Lowering blood pressure in very elderly patients reduces total risk of death by one fifth and rate of cardiovascular events by one third, according to results of the Hypertension in the Very Elderly (HYVET) study, presented yesterday at the American College of Cardiology Annual Scientific Meeting in Chicago and published online in the New England Journal of Medicine.

HYVET randomised 3845 patients aged 80 years and older who had high blood pressure (mean 173/91 mmHg) to placebo or a regimen consisting of two Servier drugs: the diuretic Lozol/Natrilix (indapamide SR) 1.5 mg with or without the ACE inhibitor Aceon/Coversyl (perindopril) 2-4 mg once a day. After two years, 48% of patients receiving active treatment achieved the target blood pressure of 150/80 mmHg compared with 20% in the placebo group.

The study was stopped early in July 2007 after the second planned interim analysis showed a significant reduction in the risk of non-fatal and fatal stroke (the primary endpoint) and total risk of death. Final results reported in Chicago included a 21% reduction in total mortality and 30% reduction in the rate of all strokes, though the latter did not reach statistical significance. There were, however, significant reductions of 39% in the risk of fatal stroke, 64% in fatal and non-fatal heart failure and 35% in cardiovascular events. These benefits were clear in the first year of follow-up, and the treatment regimen was well tolerated.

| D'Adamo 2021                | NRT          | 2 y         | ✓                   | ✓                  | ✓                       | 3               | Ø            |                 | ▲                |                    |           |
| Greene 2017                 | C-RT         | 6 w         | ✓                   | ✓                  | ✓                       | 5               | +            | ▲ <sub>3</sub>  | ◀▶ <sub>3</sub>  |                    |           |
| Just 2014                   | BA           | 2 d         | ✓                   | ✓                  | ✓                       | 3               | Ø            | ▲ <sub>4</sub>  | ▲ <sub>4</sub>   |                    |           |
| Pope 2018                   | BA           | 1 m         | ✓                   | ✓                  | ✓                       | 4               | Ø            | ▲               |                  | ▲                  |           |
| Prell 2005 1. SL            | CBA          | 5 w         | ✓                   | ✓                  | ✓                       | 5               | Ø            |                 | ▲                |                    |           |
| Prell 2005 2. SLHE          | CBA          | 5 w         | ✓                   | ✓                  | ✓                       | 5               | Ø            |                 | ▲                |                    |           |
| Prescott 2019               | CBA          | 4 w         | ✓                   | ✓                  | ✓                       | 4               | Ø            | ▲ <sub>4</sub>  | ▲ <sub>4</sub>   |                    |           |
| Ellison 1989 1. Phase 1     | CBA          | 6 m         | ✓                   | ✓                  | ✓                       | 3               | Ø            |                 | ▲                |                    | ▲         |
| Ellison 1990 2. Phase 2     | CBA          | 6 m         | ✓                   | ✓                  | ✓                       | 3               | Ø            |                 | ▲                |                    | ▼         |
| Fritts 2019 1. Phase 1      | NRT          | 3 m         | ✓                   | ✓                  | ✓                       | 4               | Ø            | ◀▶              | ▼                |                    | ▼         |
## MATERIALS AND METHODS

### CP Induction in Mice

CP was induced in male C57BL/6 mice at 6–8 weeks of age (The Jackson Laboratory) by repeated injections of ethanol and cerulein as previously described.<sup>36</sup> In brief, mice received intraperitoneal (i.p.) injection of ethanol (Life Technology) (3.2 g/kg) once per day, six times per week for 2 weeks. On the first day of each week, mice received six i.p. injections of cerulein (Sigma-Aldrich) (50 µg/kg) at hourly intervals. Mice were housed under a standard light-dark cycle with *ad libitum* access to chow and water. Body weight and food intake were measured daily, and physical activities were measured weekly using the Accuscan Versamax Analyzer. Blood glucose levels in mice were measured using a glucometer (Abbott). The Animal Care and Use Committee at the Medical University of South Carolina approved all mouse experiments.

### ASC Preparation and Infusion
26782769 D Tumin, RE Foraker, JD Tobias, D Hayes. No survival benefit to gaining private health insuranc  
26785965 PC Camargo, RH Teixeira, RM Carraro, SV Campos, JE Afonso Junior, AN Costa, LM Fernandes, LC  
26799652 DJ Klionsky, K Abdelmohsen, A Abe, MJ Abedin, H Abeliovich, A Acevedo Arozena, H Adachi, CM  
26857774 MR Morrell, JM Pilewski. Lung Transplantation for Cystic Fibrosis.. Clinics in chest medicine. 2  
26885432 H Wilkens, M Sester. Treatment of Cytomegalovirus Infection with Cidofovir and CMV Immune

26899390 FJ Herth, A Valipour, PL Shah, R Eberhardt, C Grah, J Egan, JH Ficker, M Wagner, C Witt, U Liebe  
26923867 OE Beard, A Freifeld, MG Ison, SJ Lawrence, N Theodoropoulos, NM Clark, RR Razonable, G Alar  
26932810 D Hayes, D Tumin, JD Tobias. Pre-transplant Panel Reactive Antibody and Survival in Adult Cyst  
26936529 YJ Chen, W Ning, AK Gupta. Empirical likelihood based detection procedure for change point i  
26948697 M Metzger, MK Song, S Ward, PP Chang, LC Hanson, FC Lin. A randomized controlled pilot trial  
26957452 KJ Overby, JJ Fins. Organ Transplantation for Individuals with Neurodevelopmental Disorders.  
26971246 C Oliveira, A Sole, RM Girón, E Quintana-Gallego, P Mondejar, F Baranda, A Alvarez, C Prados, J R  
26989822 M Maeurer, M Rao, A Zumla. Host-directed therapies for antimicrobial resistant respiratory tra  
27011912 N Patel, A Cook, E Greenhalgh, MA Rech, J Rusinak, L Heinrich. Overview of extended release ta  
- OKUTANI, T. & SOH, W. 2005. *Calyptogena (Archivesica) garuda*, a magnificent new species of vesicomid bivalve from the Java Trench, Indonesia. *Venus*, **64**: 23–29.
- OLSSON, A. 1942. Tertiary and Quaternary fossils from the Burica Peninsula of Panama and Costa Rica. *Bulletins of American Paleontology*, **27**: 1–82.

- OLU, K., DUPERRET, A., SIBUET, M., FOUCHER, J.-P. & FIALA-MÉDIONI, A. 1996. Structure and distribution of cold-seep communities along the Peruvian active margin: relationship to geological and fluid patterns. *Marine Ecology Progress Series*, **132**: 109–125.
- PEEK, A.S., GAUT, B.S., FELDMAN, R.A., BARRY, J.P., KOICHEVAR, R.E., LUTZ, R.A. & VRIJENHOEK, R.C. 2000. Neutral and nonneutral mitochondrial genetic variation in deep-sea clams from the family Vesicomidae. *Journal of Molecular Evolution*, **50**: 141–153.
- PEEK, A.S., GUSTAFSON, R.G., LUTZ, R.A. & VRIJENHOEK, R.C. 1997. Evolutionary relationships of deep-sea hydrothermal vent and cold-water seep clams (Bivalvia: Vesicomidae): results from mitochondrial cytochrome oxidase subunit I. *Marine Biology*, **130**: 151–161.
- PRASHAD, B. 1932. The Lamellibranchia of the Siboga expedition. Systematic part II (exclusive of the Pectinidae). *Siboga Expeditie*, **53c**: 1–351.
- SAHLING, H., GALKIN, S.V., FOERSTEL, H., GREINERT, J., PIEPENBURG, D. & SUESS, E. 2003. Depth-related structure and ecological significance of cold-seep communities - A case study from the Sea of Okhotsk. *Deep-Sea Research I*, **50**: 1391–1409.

HYVET will have important implications for future clinical guidelines, since it is the largest randomised controlled trial to assess the potential benefits of treating high blood pressure in people aged 80 years and older. According to lead investigator Dr Nigel Beckett, Imperial College, London, HYVET also refutes epidemiological studies indicating that lowering blood pressure might increase the risk of death in very elderly people. He added: "“HYVET shows that it is never too late to start antihypertensive medication, and we have expanded the upper limit where there is clinical evidence of benefit for the treatment of hypertension.”"

It remains unclear whether there would be any added benefit in lowering blood pressure any further in the over-80s. There is also unlikely to be wholesale initiation of blood-pressure lowering treatment in this age group, since the HYVET patients were generally healthier than many seen in clinical practice. However, increasing numbers of people do reach a fit and healthy old age and stand to benefit from treatment of their high blood pressure. Servier is well placed to benefit, but other companies could also profit from this expanding market. By Sue Lyon in Chicago